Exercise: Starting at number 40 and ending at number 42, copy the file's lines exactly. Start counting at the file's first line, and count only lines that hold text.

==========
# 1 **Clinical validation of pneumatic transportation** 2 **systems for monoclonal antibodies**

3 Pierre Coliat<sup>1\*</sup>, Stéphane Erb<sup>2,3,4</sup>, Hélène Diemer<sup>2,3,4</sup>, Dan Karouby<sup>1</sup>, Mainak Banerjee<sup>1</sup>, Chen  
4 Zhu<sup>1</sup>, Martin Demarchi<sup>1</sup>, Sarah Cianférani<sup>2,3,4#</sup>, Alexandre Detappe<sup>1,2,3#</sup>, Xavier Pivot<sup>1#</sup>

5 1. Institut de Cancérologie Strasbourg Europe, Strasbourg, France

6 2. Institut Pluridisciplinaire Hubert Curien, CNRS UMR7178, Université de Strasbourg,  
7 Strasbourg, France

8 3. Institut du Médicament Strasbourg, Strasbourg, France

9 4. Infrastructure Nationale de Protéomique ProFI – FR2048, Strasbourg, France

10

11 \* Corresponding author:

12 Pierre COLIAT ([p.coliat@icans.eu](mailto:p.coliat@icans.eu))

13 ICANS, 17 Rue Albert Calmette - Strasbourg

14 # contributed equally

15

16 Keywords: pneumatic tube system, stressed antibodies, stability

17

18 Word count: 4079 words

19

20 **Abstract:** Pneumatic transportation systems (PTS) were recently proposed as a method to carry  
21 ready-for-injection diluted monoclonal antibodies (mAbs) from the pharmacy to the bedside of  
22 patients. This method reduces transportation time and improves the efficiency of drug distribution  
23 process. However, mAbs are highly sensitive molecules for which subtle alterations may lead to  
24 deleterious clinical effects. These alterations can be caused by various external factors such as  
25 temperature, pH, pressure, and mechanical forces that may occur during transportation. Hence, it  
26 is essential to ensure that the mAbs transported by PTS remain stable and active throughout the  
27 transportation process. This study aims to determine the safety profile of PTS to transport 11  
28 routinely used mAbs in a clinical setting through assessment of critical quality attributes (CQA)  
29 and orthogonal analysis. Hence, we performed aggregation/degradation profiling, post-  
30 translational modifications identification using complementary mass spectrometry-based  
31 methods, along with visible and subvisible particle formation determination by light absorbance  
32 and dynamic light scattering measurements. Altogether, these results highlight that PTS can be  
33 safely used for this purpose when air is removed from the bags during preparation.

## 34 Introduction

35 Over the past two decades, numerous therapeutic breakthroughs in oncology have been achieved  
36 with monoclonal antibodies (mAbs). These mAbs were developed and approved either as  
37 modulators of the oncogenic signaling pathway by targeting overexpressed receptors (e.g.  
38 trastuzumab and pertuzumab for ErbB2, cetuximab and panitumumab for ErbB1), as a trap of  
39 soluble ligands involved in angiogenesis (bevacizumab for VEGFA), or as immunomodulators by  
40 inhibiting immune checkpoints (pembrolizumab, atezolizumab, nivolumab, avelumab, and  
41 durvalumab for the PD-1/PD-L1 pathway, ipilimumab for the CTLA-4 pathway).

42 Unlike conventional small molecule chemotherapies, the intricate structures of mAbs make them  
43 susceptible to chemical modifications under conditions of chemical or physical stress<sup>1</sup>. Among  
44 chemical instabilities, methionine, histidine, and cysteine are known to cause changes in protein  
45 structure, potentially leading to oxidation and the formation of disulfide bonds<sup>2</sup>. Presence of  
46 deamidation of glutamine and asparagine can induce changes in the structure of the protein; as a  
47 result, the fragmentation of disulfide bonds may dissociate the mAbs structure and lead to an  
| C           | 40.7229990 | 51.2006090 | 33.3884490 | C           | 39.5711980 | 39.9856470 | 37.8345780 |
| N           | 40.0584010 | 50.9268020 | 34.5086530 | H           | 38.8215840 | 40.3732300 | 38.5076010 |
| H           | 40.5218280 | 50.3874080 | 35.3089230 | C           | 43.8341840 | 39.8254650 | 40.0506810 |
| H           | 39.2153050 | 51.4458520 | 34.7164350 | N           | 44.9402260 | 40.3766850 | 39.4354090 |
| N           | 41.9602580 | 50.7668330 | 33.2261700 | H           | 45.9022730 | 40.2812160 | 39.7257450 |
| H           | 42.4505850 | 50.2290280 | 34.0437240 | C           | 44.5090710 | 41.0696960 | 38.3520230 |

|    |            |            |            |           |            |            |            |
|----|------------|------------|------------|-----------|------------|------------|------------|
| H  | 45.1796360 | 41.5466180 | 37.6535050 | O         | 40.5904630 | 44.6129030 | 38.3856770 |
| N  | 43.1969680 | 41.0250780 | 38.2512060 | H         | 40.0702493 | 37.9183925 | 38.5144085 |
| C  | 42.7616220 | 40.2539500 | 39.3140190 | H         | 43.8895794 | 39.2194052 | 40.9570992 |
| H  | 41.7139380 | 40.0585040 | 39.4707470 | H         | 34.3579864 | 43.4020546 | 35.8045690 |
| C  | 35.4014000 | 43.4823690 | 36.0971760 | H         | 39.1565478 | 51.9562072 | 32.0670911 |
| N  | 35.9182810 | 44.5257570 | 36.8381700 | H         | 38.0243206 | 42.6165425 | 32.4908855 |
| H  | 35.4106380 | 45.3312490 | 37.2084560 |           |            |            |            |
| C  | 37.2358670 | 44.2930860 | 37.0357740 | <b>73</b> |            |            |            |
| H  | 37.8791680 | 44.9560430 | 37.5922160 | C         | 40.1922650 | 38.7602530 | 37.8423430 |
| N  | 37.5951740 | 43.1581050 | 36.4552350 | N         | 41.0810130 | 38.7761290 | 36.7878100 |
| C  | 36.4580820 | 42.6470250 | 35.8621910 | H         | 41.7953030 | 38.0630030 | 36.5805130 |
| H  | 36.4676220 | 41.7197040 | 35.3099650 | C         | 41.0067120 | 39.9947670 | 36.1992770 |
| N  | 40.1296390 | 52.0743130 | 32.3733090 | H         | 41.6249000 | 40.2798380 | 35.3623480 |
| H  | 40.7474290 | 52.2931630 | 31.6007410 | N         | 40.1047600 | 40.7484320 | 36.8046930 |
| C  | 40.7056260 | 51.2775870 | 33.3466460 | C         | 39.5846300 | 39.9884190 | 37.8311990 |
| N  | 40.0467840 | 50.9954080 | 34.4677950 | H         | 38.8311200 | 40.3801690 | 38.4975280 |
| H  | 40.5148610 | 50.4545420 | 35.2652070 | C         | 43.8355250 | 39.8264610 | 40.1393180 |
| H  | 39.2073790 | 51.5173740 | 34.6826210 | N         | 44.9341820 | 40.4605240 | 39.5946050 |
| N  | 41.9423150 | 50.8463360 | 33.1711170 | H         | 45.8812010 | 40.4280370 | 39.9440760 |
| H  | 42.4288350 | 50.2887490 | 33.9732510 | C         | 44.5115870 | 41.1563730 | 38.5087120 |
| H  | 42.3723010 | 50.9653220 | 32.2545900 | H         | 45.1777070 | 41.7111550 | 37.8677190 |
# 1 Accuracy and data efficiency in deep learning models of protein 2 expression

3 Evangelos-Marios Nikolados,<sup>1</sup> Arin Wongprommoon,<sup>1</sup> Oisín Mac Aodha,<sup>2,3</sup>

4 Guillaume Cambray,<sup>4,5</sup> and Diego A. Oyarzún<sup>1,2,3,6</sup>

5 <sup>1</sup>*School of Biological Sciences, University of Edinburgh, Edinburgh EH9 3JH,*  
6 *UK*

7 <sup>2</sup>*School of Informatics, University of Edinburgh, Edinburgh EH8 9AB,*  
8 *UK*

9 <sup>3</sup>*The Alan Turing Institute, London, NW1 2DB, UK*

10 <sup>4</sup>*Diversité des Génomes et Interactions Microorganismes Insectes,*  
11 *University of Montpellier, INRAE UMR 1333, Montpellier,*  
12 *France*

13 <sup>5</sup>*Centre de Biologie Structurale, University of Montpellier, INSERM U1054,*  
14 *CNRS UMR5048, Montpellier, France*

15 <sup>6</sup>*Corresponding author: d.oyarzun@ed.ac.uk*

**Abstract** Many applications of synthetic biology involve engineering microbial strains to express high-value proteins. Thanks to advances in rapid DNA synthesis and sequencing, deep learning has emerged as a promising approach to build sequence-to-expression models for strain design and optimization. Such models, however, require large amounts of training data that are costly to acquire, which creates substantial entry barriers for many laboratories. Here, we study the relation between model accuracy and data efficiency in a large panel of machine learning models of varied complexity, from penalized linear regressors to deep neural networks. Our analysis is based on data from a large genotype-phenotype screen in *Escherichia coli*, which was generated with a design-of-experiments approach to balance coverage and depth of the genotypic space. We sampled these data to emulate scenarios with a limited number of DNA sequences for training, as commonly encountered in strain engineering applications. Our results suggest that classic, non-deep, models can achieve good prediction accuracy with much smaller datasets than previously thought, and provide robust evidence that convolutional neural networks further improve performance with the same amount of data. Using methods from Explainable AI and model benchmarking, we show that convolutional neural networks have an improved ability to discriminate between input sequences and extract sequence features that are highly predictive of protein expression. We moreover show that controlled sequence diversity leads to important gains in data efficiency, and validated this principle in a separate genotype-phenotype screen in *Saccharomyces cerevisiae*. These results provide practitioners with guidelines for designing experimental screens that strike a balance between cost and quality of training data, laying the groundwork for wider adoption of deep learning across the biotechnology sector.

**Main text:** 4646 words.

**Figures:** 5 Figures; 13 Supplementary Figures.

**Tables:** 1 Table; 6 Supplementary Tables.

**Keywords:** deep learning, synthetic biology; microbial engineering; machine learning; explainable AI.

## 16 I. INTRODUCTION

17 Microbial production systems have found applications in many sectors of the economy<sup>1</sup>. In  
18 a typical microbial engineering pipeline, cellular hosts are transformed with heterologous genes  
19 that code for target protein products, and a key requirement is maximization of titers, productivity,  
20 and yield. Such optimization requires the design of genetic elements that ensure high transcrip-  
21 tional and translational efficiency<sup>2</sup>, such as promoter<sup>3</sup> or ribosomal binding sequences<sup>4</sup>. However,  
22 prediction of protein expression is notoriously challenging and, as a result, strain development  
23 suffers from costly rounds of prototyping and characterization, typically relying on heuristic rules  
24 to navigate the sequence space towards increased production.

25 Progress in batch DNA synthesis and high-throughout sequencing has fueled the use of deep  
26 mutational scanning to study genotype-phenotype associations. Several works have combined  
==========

41 durvalumab for the PD-1/PD-L1 pathway, ipilimumab for the CTLA-4 pathway).

42 Unlike conventional small molecule chemotherapies, the intricate structures of mAbs make them  
43 susceptible to chemical modifications under conditions of chemical or physical stress<sup>1</sup>. Among  